How Tree Roots Work Part II: Digging Deeper
Image Courtesy of the International Society of Arboriculture.
Severing roots along one side of the stem often leads to the tree falling the other direction.
There are two main types of tree roots: anchoring roots and feeder roots. Most roots are near the surface, as we described in Tree Roots and How They Work, but anchoring roots are often much deeper. As they grow outward, they can send “sinker” roots straight down to add to their strength. A single root can’t hold up much weight, but the network of large and small roots work together to hold the tree upright and keep the soil in place. Generally, roots on one side of the tree keep it from falling the other way. This is why we should never cut a trench right next to a tree trunk. A trench this close removes almost half the tree’s roots causing instability and reduces access water and nutrients.
Tiny root "hairs" as small as .2 mm in diameter help trees absorb water and nutrients. Image courtesy gibneyCE.com
Anchoring roots live for years and years, but feeder roots die and are replaced often, much like skin cells. They typically live within six inches of the soil surface because they must have access to air and moisture, which are not always present in deep soil. To help take in water, the interior of root cells is slightly salty; water naturally flows into the saltier solution because nature always seeks a balance, i.e. osmosis (click to learn more about osmosis). If a lot of salt is added to the soil (such as road salt or chemical fertilizers), it can cause a reverse effect. Moisture flows out of the tree to dilute the soil salts. The plant can wilt or even die. This is one big reason we should always pay attention to the labels and instructions for any chemicals we apply in our lawns and gardens.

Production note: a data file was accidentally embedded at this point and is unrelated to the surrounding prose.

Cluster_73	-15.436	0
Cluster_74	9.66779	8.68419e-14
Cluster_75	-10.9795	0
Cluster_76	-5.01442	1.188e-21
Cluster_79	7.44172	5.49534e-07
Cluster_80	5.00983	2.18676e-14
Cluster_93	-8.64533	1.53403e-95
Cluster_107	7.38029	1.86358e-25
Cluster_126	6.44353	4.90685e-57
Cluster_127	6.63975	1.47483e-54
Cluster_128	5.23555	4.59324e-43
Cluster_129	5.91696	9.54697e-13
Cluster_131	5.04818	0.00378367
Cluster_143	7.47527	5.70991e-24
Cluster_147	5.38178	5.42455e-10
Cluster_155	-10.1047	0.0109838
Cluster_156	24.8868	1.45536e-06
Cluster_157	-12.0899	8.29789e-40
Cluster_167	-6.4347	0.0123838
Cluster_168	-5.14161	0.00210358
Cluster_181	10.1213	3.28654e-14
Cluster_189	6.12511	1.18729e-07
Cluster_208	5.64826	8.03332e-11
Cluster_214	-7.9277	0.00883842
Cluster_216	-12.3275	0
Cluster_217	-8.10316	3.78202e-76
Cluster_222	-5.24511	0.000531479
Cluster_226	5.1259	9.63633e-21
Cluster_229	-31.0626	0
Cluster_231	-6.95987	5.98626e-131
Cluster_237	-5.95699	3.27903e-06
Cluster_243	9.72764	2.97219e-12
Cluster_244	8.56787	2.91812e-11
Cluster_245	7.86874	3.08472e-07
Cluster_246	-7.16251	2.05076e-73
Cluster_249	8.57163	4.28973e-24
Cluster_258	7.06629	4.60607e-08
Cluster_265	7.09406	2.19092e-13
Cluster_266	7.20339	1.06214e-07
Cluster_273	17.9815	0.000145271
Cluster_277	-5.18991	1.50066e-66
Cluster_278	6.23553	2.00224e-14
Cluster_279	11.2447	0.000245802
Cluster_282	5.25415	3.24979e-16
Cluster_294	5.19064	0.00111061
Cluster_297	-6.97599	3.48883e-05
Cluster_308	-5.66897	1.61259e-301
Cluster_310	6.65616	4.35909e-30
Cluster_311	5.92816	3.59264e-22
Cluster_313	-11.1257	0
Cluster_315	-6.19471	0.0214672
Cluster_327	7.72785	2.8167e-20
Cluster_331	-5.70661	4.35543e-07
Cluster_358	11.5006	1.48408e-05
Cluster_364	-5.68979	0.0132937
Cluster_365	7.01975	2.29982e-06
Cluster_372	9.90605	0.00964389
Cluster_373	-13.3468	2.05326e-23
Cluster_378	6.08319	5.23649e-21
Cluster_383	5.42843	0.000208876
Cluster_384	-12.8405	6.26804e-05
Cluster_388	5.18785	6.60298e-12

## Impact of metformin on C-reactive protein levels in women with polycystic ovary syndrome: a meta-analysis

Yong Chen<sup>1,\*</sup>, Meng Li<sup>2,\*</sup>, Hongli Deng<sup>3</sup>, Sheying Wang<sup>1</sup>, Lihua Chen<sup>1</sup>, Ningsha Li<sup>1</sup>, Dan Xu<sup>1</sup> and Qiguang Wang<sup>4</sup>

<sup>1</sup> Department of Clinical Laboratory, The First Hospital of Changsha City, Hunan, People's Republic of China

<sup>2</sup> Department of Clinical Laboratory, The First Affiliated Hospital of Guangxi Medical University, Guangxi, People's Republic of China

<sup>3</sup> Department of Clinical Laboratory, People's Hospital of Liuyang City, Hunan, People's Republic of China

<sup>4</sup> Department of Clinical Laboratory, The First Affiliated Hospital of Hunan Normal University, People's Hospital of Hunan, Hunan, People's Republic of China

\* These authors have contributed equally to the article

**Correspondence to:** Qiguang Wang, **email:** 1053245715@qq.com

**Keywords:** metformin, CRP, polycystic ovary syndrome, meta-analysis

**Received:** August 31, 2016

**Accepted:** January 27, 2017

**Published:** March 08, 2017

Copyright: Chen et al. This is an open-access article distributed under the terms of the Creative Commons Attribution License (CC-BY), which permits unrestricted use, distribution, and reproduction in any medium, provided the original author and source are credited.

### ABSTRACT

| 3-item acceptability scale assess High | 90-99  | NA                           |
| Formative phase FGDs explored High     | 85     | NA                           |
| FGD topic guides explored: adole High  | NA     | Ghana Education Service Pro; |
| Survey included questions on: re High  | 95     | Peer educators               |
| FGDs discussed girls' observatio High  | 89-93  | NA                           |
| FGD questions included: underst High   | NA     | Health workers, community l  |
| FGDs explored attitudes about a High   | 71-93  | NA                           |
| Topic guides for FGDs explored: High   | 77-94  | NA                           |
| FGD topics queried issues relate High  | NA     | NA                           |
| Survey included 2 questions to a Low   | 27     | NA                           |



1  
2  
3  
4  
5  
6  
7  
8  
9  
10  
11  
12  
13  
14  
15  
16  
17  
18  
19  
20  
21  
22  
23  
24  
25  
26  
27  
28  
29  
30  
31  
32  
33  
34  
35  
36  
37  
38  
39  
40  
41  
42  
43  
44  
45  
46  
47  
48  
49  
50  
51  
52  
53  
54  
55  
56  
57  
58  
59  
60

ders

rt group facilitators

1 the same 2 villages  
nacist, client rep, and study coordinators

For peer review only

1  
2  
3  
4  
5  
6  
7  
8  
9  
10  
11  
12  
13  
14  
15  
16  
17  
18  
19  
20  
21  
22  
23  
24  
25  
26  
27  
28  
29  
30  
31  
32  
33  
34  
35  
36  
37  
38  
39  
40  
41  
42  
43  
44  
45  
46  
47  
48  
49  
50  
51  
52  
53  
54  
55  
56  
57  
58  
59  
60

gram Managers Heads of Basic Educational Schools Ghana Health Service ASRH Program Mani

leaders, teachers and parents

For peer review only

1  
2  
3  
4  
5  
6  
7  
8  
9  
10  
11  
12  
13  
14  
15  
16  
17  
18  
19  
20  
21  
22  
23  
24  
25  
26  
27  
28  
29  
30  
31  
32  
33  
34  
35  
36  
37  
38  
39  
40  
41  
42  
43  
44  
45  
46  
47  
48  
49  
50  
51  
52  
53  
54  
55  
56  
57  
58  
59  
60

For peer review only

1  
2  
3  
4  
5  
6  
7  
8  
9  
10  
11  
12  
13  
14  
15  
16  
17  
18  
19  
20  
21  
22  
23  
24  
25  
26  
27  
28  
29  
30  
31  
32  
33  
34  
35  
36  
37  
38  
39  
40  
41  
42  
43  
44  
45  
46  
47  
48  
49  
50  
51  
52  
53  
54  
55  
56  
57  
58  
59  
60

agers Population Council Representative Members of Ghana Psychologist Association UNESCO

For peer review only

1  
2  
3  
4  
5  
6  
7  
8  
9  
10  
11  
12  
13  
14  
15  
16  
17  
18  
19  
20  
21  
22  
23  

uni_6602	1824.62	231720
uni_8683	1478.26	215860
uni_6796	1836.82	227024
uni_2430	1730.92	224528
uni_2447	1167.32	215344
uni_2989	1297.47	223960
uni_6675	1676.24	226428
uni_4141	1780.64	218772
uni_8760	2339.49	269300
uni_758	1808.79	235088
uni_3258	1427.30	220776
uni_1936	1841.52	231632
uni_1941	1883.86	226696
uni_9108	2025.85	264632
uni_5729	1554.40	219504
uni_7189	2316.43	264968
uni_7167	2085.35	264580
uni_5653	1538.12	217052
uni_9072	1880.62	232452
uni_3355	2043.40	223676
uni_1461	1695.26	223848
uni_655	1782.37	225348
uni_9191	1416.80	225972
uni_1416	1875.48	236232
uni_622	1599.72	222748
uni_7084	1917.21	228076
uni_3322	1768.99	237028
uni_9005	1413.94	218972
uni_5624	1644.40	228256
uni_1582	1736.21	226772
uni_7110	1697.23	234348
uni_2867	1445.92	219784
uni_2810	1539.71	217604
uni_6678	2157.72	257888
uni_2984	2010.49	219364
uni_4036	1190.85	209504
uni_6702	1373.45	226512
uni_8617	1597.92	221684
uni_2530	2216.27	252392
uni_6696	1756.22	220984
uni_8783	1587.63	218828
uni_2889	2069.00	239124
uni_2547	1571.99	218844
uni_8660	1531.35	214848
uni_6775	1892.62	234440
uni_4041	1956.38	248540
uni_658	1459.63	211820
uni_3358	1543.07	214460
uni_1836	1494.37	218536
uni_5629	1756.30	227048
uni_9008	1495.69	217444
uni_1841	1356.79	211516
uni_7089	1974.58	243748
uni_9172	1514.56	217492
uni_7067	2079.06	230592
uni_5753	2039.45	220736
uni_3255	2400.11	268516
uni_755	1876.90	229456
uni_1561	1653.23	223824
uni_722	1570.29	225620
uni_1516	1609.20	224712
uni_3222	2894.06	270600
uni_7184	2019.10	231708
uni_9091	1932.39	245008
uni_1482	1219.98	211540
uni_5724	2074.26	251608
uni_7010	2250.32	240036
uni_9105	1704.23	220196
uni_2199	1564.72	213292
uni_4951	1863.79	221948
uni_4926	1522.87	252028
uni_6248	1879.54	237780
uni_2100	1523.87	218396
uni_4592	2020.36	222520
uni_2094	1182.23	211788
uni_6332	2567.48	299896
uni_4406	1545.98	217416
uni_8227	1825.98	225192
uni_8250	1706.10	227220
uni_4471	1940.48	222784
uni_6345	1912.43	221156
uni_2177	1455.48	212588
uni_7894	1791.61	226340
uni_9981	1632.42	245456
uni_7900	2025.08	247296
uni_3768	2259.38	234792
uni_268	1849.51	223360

Idealized drawing of a tree's roots.
Roots support the tree and absorb water and nutrients. They transport these liquids through tiny tubes that run all the way up the stem to the leaves. This allows the tree to send its resources from one area to another. Some tubes, called xylem, mostly carry water from the soil to the leaves. Other tubes, called phloem, mainly carry sugar and other products made in leaves to parts where they are needed. When the tree is strong and healthy, it makes more than it needs and stores the excess in roots, trunks, and branches. Then, when the tree is under stress (like from drought, disease, or pests), it can rely on the stored materials to survive until conditions improve.
Even when the soil under the trunk is eroded, the network of roots holds the tree up.
Roots support trees and help to reduce soil erosion. They absorb water and other useful compounds from soil that the tree uses to make food and other resources. They sometimes make defensive compounds to protect the tree when pests invade, and hormones to help control when leaves should drop. Roots also serve as storage centers for resources the tree can rely on during stressful times.
In our next installment, we will look even more closely at the finest roots and the fungal network that connects trees together in a giant communications network.